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Why Give a FIG About Inflation?

This inflation gauge shows we're not out of the woods yet.

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The clear and present danger today is inflation, not recession. That remains true even though the R-word has been invoked from time to time throughout the year. But there's one summary measure that can peer through the fog and provide a beacon about the future direction of inflation -- the ECRI's Future Inflation Gauge (FIG).

Last spring, the markets swooned in fear of the sharp second-half downturn that was flagged by a flock of Chicken Little analysts, forecasting by analogy to historical periods when rising oil prices and interest rates had triggered recessions. At the time,

I wrote that "U.S. economic growth will hold up in the second half of 2005" because of the resilience of ECRI's Weekly Leading Index (WLI). I knew that it's only when an array of reliable leading indices like the WLI shows major weakness that oil shocks can trigger cyclical downturns. As worries about growth eased, stocks rallied.

Sure enough, GDP growth actually accelerated from 3.3% in the second quarter to an unexpectedly strong 3.8% in the third quarter. Without the hurricanes, it would have been well over 4%. What were the pessimists thinking?

When Katrina hit, some decided that a recession was a serious threat, which pushed 10-year Treasury yields below 4% in early September. But it was

already clear back then that "the underpinnings of this recovery are such that economic growth won't plunge." As those needless fears receded over the last two months, Treasury yields climbed steeply.

The point is that markets can be wrong for a while until they figure things out.

That was true right after the 2001 recession began, when the


rallied almost 20% in less than seven weeks in April and May in the expectation of a second-half rebound, before losing all of those gains, and more,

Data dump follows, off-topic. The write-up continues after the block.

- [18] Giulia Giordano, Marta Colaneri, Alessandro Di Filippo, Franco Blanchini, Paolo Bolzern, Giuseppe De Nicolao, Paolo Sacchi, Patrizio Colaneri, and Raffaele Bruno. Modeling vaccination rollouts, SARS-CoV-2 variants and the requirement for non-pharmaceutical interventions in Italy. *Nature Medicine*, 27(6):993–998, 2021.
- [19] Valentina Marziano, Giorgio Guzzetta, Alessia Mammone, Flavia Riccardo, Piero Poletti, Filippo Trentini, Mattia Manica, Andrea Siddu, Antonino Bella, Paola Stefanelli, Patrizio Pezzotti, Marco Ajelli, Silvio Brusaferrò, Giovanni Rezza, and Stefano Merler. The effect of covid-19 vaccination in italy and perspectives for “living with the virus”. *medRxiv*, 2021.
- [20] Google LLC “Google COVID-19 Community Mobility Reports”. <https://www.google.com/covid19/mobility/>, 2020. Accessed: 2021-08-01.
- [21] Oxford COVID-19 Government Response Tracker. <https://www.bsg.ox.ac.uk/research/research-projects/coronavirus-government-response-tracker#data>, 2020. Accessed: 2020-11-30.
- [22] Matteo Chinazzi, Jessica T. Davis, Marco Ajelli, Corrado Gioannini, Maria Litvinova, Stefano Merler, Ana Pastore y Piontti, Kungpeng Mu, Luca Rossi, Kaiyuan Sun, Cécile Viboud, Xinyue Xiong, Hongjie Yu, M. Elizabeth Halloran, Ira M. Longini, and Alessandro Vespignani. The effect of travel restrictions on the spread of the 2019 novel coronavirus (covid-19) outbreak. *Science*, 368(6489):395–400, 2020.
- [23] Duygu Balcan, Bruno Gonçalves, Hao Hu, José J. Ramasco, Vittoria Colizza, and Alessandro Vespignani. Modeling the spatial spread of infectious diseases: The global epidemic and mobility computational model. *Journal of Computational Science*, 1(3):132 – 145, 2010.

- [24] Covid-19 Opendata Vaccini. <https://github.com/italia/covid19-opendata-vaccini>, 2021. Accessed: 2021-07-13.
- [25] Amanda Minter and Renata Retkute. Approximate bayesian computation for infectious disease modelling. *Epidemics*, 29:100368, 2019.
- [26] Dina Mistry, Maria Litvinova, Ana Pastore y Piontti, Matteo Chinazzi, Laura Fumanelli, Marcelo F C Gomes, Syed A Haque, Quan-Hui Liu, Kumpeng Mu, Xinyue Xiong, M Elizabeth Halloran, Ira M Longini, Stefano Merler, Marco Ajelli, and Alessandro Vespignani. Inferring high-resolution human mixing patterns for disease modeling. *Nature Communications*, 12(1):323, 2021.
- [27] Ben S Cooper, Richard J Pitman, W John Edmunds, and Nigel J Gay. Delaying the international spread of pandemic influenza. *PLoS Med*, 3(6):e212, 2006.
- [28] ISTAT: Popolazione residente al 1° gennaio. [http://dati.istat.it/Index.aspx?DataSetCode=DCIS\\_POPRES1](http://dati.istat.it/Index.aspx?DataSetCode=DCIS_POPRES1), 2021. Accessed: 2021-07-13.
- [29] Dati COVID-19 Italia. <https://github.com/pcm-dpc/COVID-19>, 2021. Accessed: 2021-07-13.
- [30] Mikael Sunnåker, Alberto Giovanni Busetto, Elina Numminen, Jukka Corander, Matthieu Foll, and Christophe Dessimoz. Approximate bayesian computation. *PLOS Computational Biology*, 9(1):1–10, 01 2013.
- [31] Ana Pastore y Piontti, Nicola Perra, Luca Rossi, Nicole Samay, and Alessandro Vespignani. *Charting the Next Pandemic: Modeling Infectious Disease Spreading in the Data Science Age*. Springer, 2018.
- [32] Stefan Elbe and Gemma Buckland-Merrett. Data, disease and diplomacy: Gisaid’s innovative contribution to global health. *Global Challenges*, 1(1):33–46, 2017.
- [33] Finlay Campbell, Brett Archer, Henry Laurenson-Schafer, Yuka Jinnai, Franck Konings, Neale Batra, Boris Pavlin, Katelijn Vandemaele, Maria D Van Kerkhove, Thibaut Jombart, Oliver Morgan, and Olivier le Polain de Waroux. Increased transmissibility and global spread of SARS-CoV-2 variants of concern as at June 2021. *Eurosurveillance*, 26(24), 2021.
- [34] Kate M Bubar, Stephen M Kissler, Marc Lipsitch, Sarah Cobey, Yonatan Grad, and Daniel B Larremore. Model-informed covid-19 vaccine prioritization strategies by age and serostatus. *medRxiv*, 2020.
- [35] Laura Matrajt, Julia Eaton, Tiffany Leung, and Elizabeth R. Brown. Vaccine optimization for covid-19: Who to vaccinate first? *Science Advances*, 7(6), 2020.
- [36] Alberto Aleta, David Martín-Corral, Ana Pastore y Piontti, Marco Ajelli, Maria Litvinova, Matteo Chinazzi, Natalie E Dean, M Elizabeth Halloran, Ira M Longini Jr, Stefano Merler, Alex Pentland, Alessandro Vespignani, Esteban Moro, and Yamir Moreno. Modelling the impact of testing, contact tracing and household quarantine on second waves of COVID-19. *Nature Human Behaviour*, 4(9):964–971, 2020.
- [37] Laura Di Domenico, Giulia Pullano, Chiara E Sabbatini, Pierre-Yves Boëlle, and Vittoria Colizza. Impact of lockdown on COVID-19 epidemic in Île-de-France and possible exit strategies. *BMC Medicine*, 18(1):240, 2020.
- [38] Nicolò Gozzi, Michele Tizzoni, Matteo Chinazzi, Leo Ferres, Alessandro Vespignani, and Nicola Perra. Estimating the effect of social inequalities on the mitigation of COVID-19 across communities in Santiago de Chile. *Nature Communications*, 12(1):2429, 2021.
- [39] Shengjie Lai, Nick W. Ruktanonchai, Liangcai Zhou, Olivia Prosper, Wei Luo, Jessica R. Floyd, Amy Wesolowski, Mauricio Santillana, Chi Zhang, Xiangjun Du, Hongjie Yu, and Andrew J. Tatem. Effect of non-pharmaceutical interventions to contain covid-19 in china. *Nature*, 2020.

Sept. 11.

Good leading indices like ECRI's Long Leading Index (LLI), which excludes stock prices, are typically more prescient than the markets about the direction of economic growth. When they diverge from the market consensus, they can present an opportunity to the savvy investor. Those divergences have narrowed, but there's still some complacency about the direction of the inflation cycle.

The 'Core' Issue

Even though inflation has been soaring because of energy prices, economists like to point to the "core" CPI, excluding food and energy, as evidence that there's nothing to worry about. But why do they focus so much on the core?

Because inflation tends to keep going up once it's started rising, and vice versa, it makes sense that if you could estimate the underlying trend, it would tell you where inflation was headed. That would work most of the time except, of course, when the direction was about to change -- which is why the trend is a lousy predictor of a change in trend. For that, you need a leading indicator of turning points in inflation (but more about that later).

The point is that many economists figure that food and energy prices jump around so much from month to month that they represent mostly "noise" that distracts from the basic trend. So why not get rid of them? The problem is that since mid-2004, energy prices have been the driver of inflation, not a distraction. To that extent, core inflation is less relevant than it used to be.

Of course, core inflation was also one of the culprits when alarm bells about deflation were sounded in mid-2003. While deflation was billed as a low-risk event, this presumed there was a small but significant risk of a renewed recession that would trigger deflation. But,

as I wrote at the time, deflation "occurs in periods dominated by recessions. And according to ECRI's leading indicators, a new U.S. recession isn't on the horizon." Indeed, the following quarter saw GDP growth jump to a two-decade high.